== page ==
And to add to this: the 4 ohm (version of this woofer) is not just half the impedance of the 8 but instead is somewhere between 4 and 8. If u compare the spec sheets from Danley you can see that the minimum impedance of the newer version is 5 ohms! Maybe it should be called a 6 ohm box instead of 4. Further, the functional parameters of the woofers are slightly different as well so there are some slight differences in frequency response. But, the overall broadband output potential of each version should be basically the same. It's just a matter of how many volts it takes to get there. BTW, I like it when amp spec sheets also list total output swing in volts. Calculating back from power ratings takes time and isn't always accurate. Knowing the rail voltages of the power supply is nice too.

EXACTLY! That is the reason Danley gives the sensitivity in volts-instead of power.

The rating is for the closest "standard" impedance value.

Another "for example" is the SH50. Origionally it was rated as a 6 ohm cabinet-which more closely described the load it presented to the amplifier.

However I got calls ALL THE TIME with people asking about which amp to use for a 6 ohm cabinet. They could not find 6 ohms on the spec sheets of the amps. It really confused them-and when I tried to explain it, they go even more confused.

We changed the impedance rating to 4 ohms and all those phone calls stopped. It was now "simple". Since the origional specs were in input VOLTAGE-those numbers did not change. If we had used wattage-based on 6 ohms-then the sensitivity would have also had to change with the 4 ohm rating.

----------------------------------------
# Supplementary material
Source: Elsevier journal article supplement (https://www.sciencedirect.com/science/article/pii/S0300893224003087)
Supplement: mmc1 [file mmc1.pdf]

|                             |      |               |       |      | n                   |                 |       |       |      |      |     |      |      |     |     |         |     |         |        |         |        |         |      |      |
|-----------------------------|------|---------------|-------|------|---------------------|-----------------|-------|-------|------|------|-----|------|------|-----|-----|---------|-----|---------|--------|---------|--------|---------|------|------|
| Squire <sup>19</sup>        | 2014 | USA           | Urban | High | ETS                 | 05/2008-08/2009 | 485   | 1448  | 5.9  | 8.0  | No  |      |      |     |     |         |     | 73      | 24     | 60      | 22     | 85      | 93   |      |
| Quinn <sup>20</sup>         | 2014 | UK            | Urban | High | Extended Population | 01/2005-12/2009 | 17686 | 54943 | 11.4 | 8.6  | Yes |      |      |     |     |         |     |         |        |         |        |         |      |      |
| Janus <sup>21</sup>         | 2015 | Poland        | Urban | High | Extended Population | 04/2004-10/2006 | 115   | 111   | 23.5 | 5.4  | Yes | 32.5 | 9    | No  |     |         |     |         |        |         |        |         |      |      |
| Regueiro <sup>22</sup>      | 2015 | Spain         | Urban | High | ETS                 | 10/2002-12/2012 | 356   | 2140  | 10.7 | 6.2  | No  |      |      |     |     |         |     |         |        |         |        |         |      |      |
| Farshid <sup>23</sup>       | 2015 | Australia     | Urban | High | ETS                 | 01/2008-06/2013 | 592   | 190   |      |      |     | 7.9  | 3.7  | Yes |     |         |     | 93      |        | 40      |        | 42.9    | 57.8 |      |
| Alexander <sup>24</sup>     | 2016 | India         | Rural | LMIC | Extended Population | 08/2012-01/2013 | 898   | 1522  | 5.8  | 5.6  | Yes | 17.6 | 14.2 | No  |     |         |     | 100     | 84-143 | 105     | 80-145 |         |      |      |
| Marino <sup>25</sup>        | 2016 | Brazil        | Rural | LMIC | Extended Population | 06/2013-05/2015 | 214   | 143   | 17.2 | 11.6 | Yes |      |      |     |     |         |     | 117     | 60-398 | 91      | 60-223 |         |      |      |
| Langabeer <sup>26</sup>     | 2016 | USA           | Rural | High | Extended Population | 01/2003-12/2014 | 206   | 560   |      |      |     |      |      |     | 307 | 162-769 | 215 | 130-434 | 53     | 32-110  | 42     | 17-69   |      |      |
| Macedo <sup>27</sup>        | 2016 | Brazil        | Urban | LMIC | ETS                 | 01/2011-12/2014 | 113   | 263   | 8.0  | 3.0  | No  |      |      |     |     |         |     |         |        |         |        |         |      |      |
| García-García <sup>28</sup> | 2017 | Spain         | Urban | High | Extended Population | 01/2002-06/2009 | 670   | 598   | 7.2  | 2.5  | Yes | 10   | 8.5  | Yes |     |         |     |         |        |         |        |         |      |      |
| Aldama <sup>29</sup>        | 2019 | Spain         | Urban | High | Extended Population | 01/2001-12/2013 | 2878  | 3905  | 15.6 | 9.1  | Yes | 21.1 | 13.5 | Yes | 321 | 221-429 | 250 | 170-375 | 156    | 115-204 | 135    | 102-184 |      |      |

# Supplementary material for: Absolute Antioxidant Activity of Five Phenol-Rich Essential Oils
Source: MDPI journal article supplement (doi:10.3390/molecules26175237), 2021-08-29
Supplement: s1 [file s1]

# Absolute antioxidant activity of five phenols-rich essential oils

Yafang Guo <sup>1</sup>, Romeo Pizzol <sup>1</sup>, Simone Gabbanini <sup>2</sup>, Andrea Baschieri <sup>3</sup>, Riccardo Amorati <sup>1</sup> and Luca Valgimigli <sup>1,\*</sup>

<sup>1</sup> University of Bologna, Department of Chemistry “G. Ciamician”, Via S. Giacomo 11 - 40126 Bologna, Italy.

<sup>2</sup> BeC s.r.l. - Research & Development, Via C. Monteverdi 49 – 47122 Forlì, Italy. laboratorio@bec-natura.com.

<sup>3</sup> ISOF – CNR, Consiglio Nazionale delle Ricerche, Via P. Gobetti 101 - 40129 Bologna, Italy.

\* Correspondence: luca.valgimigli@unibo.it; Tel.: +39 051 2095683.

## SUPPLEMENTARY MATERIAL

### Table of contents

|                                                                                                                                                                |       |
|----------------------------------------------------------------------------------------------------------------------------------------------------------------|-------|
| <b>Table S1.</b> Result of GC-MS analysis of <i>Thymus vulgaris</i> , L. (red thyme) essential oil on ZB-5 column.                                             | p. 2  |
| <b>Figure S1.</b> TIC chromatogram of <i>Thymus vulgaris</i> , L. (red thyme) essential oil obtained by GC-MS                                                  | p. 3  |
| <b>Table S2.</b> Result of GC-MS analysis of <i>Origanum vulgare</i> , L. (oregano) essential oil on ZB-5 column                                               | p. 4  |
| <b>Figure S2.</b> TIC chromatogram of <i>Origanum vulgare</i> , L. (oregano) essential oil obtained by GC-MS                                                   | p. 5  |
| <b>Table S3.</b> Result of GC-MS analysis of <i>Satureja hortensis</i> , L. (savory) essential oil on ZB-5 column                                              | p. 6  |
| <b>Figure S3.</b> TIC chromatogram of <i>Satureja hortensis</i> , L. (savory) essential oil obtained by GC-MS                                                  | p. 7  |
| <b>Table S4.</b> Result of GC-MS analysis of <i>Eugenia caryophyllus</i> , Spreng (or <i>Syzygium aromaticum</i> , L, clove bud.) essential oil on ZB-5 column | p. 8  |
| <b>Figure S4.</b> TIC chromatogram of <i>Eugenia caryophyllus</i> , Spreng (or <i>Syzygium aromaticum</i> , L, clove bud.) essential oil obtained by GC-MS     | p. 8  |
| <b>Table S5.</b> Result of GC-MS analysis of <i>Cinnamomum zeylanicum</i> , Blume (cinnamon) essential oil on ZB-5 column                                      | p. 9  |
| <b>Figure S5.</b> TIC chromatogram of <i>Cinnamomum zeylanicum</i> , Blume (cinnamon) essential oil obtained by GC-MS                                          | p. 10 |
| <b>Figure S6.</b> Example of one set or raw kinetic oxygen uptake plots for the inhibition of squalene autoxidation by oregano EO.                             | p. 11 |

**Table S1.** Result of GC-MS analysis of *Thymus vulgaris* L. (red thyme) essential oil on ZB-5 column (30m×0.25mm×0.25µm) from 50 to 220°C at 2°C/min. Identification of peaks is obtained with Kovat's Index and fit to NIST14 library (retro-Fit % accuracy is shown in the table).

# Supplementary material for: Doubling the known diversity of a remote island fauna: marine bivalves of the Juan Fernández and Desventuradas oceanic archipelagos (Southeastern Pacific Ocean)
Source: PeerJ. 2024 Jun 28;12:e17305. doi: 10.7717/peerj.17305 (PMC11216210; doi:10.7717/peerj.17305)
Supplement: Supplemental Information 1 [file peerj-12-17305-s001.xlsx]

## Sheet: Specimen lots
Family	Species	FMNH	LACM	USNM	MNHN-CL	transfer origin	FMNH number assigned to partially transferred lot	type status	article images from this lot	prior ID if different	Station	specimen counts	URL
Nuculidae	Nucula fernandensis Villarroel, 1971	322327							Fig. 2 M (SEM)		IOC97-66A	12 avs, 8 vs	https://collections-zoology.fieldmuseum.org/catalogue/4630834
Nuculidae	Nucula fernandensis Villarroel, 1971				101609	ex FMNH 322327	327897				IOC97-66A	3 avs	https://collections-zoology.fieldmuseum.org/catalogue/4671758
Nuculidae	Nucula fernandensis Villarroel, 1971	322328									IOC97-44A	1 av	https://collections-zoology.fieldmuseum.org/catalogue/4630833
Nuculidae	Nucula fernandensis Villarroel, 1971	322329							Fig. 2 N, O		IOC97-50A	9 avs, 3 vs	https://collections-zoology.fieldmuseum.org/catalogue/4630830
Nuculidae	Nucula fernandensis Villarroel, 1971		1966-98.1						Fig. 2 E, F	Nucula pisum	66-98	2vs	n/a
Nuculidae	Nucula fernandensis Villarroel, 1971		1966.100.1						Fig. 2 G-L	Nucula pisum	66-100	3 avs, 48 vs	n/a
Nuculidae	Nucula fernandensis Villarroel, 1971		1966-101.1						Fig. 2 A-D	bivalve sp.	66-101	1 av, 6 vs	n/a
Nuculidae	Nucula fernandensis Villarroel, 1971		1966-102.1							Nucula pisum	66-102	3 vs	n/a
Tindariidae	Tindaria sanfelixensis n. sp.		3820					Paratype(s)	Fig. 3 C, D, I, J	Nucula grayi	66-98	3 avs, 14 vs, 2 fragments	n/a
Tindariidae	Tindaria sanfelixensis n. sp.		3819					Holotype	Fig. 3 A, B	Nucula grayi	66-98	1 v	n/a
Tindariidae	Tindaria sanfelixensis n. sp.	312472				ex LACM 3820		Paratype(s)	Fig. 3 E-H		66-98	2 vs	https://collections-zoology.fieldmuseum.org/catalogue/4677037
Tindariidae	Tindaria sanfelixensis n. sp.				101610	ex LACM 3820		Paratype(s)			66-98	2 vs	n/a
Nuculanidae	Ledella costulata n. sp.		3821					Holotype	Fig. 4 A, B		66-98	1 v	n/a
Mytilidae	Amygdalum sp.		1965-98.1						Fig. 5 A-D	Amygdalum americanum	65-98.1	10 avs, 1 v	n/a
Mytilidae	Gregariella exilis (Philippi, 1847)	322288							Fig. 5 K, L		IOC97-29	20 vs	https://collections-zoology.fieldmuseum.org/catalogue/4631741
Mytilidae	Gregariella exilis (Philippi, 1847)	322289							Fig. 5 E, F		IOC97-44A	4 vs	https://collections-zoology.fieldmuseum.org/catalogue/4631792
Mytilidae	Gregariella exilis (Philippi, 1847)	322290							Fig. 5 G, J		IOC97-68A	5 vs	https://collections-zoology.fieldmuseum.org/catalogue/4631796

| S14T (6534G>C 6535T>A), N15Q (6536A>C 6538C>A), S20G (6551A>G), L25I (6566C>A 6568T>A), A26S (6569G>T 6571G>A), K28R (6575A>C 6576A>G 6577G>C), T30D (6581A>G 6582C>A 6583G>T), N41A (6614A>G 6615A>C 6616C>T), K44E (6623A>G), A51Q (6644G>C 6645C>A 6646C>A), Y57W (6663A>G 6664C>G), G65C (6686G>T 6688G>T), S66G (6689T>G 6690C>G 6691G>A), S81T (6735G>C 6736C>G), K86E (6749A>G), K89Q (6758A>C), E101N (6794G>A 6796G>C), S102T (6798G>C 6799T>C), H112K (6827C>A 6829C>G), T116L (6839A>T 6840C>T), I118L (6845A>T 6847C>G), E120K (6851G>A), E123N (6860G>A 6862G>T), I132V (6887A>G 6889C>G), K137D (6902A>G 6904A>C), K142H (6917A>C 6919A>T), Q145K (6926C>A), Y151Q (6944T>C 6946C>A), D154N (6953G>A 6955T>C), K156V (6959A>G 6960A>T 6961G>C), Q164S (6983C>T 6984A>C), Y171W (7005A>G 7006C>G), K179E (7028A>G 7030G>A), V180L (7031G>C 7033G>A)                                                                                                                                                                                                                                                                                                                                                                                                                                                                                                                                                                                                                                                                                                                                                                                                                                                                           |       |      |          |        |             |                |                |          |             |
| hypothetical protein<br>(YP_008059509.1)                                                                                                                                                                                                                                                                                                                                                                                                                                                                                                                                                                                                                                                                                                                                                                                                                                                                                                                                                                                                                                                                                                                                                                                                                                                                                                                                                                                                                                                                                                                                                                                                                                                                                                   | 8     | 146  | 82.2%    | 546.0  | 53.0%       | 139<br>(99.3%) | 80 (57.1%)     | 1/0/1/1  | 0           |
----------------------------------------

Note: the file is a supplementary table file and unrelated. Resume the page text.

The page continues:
That is one reason why Danley uses the voltage method of sensitivity.

The "wattage" method is also flawed in that as the freq changes the sensitivity would also have to change-due to a different "wattage" being applied to a loudspeaker because of the different impedance.

You cannot apply 1 watt (evenly across all freq) to a loudspeaker. If you did-then the freq response would be quite different-because at the freq that have a high impedance-the freq response would have a corrispondingly higher output-which is not real and not what it sounds like.

You can only apply a voltage-and the wattage is calculated based on that wattage and "some" impedance-presumeably the rated impedance-even though that impedance may or may not be an accurate description of the load presented to the amplifier.

Amplifiers DO NOT produce a wattage output. They produce a VOLTAGE output that stay constant with varying loads (assuming the amplifier is not at the current limits)-so it makes more sense to rate the loudspeakers with a voltage (like the amps) rather than a wattage.